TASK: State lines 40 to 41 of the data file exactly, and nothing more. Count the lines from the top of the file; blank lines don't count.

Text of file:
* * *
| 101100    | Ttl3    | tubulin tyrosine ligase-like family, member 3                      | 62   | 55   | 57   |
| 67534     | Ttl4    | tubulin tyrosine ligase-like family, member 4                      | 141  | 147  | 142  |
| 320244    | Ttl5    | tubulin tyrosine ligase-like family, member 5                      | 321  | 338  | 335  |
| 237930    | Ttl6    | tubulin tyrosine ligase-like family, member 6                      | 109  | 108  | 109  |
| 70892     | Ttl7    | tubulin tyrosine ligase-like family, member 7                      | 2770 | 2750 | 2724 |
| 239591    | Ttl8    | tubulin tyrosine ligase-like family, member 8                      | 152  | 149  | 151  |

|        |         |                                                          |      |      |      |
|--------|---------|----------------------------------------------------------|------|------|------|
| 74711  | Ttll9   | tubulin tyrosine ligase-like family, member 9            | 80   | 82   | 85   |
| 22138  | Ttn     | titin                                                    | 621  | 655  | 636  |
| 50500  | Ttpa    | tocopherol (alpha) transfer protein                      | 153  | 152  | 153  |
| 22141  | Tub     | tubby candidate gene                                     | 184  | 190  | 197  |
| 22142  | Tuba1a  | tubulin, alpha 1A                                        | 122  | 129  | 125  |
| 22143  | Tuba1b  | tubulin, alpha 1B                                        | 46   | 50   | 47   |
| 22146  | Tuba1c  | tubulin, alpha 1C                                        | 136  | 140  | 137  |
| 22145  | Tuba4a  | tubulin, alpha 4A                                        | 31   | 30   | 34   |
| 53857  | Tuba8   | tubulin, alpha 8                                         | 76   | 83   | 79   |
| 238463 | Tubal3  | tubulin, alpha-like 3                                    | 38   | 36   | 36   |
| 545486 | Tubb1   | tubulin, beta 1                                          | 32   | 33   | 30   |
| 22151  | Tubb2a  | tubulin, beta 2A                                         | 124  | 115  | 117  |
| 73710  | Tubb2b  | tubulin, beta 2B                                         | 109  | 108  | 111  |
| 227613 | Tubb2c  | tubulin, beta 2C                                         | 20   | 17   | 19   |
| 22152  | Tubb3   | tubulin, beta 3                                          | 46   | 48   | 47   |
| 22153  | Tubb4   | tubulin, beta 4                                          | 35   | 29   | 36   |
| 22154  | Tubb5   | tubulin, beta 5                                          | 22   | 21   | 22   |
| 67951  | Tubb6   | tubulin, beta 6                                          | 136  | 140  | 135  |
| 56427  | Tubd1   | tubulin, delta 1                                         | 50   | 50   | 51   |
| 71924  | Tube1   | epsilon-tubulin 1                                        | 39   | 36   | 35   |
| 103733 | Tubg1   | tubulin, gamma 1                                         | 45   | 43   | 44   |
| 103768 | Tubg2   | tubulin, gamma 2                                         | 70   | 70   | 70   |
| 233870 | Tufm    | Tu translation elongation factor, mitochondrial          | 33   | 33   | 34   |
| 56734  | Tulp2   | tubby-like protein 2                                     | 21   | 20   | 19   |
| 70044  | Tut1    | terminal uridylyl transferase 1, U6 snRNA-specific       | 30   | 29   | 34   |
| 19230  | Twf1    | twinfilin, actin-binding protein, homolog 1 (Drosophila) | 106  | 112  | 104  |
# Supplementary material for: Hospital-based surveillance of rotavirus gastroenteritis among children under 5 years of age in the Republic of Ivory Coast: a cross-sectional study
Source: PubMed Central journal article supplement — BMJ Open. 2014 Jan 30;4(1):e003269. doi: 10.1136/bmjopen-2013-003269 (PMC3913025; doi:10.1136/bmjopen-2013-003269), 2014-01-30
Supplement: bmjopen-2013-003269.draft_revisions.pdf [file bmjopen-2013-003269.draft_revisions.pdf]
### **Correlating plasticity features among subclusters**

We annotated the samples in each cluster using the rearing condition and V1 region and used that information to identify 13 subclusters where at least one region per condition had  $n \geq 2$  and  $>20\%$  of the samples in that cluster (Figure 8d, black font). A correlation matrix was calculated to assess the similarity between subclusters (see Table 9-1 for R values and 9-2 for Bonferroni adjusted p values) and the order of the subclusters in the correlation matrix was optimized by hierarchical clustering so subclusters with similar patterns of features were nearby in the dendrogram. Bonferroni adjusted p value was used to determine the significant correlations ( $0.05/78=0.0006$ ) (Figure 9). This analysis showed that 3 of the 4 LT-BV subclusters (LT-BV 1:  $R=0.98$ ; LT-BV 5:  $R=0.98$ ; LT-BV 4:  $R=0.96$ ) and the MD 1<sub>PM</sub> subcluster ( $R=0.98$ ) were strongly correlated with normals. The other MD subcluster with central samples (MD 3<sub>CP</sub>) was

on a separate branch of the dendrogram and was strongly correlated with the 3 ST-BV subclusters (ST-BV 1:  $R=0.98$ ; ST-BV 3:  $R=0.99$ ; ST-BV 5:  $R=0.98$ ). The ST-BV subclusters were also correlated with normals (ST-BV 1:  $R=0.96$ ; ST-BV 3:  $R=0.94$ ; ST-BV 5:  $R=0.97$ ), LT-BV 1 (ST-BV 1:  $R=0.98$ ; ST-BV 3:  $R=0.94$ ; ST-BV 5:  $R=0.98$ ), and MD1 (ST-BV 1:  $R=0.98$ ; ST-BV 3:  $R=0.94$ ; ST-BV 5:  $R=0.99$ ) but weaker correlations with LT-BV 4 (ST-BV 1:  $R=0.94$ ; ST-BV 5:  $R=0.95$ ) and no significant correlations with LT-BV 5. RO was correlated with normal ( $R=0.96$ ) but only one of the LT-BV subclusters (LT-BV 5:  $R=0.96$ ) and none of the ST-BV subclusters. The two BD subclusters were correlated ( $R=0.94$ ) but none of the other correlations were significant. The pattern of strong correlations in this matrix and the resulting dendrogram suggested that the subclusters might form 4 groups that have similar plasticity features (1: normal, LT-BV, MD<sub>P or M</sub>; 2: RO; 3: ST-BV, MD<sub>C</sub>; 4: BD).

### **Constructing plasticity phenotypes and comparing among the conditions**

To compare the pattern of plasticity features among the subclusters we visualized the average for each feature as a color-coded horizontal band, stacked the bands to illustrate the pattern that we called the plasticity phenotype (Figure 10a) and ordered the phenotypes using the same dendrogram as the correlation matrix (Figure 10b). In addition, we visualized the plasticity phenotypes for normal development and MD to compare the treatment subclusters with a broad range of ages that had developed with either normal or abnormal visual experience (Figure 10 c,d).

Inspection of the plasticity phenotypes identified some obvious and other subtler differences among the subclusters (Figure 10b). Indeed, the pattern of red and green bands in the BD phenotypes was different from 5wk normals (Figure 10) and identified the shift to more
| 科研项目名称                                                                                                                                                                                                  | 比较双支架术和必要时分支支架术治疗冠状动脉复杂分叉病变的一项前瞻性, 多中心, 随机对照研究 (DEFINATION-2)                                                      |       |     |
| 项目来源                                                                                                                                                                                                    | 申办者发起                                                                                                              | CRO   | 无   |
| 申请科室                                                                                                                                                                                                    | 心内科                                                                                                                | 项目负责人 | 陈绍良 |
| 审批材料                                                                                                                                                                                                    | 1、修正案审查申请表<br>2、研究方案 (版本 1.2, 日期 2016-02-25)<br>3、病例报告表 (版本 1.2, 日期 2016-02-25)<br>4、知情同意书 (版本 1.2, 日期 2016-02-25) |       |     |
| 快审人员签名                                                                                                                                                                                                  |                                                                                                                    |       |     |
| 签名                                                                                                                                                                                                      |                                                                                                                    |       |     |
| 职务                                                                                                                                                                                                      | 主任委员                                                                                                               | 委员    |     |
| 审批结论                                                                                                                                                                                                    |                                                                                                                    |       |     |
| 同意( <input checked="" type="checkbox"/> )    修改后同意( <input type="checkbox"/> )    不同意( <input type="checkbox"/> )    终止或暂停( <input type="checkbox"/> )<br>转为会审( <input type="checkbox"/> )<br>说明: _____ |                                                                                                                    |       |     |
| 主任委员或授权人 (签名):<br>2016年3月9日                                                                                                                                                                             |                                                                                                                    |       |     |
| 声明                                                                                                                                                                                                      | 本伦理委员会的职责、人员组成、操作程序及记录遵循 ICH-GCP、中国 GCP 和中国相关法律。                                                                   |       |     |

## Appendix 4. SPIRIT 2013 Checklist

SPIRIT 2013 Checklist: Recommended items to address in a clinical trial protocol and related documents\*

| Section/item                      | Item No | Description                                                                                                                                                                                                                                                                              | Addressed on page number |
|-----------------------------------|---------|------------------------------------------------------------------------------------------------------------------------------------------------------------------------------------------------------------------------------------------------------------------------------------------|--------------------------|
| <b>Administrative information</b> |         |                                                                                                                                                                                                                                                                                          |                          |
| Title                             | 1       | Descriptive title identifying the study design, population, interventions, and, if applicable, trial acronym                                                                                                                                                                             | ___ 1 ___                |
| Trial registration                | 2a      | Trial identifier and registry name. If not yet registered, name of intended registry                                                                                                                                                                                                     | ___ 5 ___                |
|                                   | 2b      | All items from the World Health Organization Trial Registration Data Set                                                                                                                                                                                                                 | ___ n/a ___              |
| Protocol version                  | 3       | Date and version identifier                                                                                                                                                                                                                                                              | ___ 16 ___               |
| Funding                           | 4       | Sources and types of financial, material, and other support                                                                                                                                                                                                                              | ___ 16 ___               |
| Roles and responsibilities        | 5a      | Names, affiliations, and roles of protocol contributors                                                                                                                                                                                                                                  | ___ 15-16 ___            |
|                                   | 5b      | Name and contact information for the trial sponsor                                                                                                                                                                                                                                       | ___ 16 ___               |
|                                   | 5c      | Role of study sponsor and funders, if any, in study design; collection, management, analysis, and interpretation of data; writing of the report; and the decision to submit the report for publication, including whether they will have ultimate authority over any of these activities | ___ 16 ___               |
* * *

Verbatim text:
on a separate branch of the dendrogram and was strongly correlated with the 3 ST-BV subclusters (ST-BV 1:  $R=0.98$ ; ST-BV 3:  $R=0.99$ ; ST-BV 5:  $R=0.98$ ). The ST-BV subclusters were also correlated with normals (ST-BV 1:  $R=0.96$ ; ST-BV 3:  $R=0.94$ ; ST-BV 5:  $R=0.97$ ), LT-BV 1 (ST-BV 1:  $R=0.98$ ; ST-BV 3:  $R=0.94$ ; ST-BV 5:  $R=0.98$ ), and MD1 (ST-BV 1:  $R=0.98$ ; ST-BV 3:  $R=0.94$ ; ST-BV 5:  $R=0.99$ ) but weaker correlations with LT-BV 4 (ST-BV 1:  $R=0.94$ ; ST-BV 5:  $R=0.95$ ) and no significant correlations with LT-BV 5. RO was correlated with normal ( $R=0.96$ ) but only one of the LT-BV subclusters (LT-BV 5:  $R=0.96$ ) and none of the ST-BV subclusters. The two BD subclusters were correlated ( $R=0.94$ ) but none of the other correlations were significant. The pattern of strong correlations in this matrix and the resulting dendrogram suggested that the subclusters might form 4 groups that have similar plasticity features (1: normal, LT-BV, MD<sub>P or M</sub>; 2: RO; 3: ST-BV, MD<sub>C</sub>; 4: BD).

### **Constructing plasticity phenotypes and comparing among the conditions**